Dieppe DCM Wins Medal in Africa
Dieppe DCM Wins Medal in Africa
Sgt Hickson, Kitchener, First Canadian to Get Two Battle Awards if War
The Montreal Gazette, 9 July 1943
Ottawa, July 8—(CP)—Defence Minister Ralston today announced award of Military Cross to Capt. William Harold Victor Matthews of Milne's Landing, B.C., and the Military medal to Sgt. George Hickson, D.C.M., of Kitchener, Ont., for "Gallant and distinguished service in North Africa.
Hickson, who won the Distinguished Conduct Medal at Dieppe, thus became the first Canadian soldier to win two battle decorations in this war.
Citations covering the North African awards were not made public in today's Army statement. Capt. Matthews and Sgt. Hickson were among the small number of Canadians attached to various British units in North Africa for battle training.
Capt. Matthews, 28, is a member of the Canadian Infantry Corps, and enlisted in a Scottish regiment from British Columbia. He was promoted captain last September 1. His wife, Mrs. Shiela Maxwell Matthews, lives at Milne's Landing, on Vancouver Island.
Sgt. Hickson, also 28, won the D.C.M. at Dieppe when his platoon commander and senior non-commissioned officers became casualties and he led the platoon against strongly-held enemy positions.
Under his direction an enemy gun crew was wiped out, and a six-inch naval gun and two machine guns destroyed before he ordered his party to withdraw. His own personal fighting ability won special attention when accounts of his exploits reached headquarters.
A hydro-electric lineman at Kitchener in civil life, he enlisted with a field company of engineers at London, Ont., in January, 1940. Before the wart he was a corporal in the Scots Fusiliers of Canada, in the Reserve Army. His wife lives at Kitchener.
Award citations for Canadian service members of the Second World War can be found at the website of the Directorate of History and Heritage of the Canadian Armed Forces — Canadian Army Overseas Honours and Awards (1939-45).
For those researching awards, an excellent further resource is the "Courage & Service; Second World War Awards to Canadians" CD compiled by John Blatherwick and Hugh Halliday, from Service Publications. The following citations are extracted from "Courage & Service":
Hickson — Distinguished Conduct Medal (Dieppe, 1942)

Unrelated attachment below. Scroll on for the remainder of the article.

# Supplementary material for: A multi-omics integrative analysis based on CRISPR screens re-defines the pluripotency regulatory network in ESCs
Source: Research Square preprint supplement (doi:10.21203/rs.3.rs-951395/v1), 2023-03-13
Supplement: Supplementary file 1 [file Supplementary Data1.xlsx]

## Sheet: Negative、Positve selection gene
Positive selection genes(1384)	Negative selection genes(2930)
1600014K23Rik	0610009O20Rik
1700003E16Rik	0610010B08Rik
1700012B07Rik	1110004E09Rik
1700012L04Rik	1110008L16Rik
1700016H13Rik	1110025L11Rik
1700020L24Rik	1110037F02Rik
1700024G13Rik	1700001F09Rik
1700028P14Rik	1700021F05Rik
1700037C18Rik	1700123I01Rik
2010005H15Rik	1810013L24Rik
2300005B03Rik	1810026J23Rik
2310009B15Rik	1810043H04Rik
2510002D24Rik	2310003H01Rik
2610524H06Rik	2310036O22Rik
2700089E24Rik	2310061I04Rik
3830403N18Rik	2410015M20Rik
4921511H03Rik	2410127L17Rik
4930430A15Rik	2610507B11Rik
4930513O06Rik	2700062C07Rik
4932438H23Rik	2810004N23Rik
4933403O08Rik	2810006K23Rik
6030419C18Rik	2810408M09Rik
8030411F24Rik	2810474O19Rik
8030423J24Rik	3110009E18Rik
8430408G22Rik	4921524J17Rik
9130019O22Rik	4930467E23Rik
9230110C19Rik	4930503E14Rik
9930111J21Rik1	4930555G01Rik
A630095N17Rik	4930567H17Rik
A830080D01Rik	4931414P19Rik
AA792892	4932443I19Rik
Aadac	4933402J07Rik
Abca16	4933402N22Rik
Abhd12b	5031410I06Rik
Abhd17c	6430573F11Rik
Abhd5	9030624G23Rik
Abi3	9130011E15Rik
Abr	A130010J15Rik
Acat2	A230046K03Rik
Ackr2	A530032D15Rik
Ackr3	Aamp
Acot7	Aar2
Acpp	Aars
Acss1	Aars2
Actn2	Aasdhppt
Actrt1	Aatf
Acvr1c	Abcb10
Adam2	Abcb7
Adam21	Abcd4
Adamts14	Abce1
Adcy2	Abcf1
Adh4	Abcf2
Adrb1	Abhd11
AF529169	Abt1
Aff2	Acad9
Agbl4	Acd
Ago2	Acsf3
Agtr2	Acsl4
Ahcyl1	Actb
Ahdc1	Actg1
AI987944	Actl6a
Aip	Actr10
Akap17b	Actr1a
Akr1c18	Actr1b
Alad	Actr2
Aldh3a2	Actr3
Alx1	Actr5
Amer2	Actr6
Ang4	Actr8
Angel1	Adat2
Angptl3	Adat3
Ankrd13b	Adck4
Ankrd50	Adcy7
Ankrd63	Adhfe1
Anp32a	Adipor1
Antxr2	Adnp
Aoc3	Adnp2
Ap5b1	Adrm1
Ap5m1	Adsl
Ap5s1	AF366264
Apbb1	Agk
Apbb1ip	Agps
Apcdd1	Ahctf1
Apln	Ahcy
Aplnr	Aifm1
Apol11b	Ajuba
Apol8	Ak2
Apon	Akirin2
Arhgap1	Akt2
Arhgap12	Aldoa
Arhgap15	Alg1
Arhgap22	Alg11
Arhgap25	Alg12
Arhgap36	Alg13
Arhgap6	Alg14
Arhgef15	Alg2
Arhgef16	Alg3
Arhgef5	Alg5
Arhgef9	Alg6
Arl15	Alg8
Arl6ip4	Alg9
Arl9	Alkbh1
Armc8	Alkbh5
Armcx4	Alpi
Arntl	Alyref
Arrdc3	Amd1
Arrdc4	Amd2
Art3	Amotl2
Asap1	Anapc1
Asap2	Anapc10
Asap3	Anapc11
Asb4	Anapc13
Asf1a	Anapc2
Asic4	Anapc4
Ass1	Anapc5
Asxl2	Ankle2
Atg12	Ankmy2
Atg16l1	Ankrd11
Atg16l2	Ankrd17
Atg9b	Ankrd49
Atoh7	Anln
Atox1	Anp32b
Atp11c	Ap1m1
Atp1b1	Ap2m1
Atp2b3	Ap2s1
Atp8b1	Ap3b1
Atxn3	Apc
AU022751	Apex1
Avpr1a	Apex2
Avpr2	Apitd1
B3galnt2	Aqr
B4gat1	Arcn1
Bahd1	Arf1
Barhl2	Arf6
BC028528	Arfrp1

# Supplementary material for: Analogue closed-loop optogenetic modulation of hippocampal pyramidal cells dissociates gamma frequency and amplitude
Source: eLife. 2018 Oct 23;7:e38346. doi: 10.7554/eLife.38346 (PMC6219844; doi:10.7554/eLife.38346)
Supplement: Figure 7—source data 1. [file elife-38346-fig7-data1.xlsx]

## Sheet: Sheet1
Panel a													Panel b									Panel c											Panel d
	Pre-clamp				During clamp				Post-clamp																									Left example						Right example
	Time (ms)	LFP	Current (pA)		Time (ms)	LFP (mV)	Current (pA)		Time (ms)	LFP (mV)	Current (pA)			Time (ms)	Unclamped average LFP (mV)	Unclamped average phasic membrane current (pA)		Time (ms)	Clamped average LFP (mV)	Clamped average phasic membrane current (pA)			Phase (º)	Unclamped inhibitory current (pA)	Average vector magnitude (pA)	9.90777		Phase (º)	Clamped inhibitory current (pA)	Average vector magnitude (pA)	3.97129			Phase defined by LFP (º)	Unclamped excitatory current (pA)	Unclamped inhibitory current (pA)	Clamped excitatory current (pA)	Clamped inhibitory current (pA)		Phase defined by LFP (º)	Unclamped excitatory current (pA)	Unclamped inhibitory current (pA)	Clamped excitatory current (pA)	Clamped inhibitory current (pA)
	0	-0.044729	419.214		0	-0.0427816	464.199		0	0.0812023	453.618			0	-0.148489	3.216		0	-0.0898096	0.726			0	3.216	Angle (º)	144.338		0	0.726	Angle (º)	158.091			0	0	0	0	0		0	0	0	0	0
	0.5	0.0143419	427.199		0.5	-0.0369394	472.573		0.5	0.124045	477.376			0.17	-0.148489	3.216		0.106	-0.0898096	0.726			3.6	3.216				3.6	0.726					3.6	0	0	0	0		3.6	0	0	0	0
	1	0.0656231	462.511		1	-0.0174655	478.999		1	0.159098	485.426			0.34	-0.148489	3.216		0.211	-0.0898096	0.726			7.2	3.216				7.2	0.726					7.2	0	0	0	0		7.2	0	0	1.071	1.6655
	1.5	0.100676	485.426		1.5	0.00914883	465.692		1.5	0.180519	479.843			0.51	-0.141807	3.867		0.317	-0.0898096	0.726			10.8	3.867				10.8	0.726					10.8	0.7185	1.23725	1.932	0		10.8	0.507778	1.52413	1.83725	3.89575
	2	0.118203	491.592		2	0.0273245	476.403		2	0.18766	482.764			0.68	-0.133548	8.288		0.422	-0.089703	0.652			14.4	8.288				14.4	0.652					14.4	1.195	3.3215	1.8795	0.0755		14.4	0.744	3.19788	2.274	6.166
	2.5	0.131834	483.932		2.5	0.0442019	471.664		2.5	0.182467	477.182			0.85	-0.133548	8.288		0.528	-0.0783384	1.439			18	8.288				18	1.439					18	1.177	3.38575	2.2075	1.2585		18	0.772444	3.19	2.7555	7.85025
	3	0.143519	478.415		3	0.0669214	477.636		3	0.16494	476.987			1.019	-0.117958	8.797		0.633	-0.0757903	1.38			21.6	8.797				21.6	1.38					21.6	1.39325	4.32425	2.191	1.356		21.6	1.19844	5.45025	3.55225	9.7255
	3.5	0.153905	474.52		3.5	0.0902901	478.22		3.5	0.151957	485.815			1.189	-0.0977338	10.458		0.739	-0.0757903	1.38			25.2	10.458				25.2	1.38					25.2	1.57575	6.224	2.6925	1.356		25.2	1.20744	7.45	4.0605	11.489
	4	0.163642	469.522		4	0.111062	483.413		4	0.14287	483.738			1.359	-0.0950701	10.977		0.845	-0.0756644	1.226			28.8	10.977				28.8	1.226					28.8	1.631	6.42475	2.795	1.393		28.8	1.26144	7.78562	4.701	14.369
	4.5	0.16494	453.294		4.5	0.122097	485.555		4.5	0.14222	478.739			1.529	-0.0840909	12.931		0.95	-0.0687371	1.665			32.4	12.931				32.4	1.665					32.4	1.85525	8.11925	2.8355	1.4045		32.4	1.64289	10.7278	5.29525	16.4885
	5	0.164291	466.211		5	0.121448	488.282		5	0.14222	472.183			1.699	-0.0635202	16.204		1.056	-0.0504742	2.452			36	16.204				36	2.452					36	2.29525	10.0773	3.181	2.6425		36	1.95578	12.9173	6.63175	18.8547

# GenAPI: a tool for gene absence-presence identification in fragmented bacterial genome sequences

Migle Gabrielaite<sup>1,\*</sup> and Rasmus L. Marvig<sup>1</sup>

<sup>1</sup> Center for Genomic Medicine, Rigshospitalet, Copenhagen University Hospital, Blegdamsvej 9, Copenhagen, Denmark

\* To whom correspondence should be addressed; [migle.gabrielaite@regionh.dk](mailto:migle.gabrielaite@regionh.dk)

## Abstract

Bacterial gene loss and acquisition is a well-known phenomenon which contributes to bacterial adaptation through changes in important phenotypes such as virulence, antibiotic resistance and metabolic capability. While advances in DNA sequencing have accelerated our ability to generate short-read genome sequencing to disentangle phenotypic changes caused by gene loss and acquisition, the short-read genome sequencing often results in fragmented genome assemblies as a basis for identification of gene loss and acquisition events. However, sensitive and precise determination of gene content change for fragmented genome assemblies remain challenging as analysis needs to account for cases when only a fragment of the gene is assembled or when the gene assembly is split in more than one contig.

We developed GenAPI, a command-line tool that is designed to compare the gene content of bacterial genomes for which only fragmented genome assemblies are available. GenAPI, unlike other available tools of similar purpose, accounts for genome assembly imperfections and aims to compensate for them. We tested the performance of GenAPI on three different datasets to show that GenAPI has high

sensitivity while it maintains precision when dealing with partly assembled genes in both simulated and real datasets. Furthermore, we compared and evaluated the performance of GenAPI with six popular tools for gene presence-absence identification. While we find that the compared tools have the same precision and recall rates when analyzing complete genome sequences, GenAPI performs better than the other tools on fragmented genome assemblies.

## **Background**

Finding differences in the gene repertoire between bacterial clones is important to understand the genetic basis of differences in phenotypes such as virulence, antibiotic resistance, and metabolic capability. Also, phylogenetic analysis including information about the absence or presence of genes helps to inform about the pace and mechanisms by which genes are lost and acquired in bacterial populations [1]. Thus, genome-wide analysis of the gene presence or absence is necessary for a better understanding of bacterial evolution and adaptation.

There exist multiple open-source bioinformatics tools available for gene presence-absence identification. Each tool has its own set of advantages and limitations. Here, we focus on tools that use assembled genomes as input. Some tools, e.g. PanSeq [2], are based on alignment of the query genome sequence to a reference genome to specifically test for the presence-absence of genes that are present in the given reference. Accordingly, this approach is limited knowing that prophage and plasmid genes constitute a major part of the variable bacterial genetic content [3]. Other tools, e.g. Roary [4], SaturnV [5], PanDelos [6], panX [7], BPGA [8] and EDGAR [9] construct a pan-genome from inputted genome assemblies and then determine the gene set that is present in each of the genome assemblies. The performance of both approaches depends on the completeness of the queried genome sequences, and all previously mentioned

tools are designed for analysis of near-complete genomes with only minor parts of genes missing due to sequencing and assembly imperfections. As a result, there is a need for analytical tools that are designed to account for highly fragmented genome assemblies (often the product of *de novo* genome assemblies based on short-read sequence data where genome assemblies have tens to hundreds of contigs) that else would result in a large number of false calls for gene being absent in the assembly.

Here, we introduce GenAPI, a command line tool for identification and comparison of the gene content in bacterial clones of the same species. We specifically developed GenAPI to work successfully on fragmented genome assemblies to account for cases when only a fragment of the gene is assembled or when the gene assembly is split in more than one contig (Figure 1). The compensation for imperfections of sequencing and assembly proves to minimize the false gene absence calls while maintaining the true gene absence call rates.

HICKSON, George Alfred, Lance-Sergeant (A.19407) - Distinguished Conduct Medal - Engineers (7 Field Company) - awarded as per Canada Gazette dated 10 October 1942; confirmed by CARO/3580 dated 2 September 1943, "in recognition of gallant and distinguished services in the combined attack on Dieppe". Hydro lineman; enlisted in London, Ontario, 9 January 1940; had served in Scots Fusiliers of Canada since 1932.
Lance-Sergeant Hickson was in charge of a group charged with destroying the main telephone exchange in the Post Office. Finding the fire on the beach too heavy to move directly to his target, he assisted an infantry platoon in mopping up enemy machine gun positions and destroyed a three-inch gun by detonating a three-pound charge on the breech. When the Platoon Commander and most of the senior Non-Commissioned Officers were put out of action, Hickson assumed command and led the platoon to the Casino where strong enemy opposition was nullified. Using explosive he blew his way through the walls to reach a large concrete gun emplacement. Then another charge blew in the steel door killing a gun crew of five. He then destroyed the six-inch naval gun and two machine guns after infantry had cleared the post. Lance-Sergeant Hickson then reorganized his platoon and despite heavy enemy opposition led them into the town as far as the St.Remy church. Unable to find Brigade Headquarters and being without support, he withdrew his party to the Casino. Lance-Sergeant Hickson throughout the day showed determined leadership and high qualities of initiative and was among the last group to evacuate.
Hickson — Military Medal (North Africa, 1943)
HICKSON, George Alfred, Sergeant (A.19407), DCM - Military Medal - awarded as per Canada Gazette dated 10 July 1943 and confirmed by CARO/3580 dated 2 September 1943, "for gallant and distinguished services in North Africa."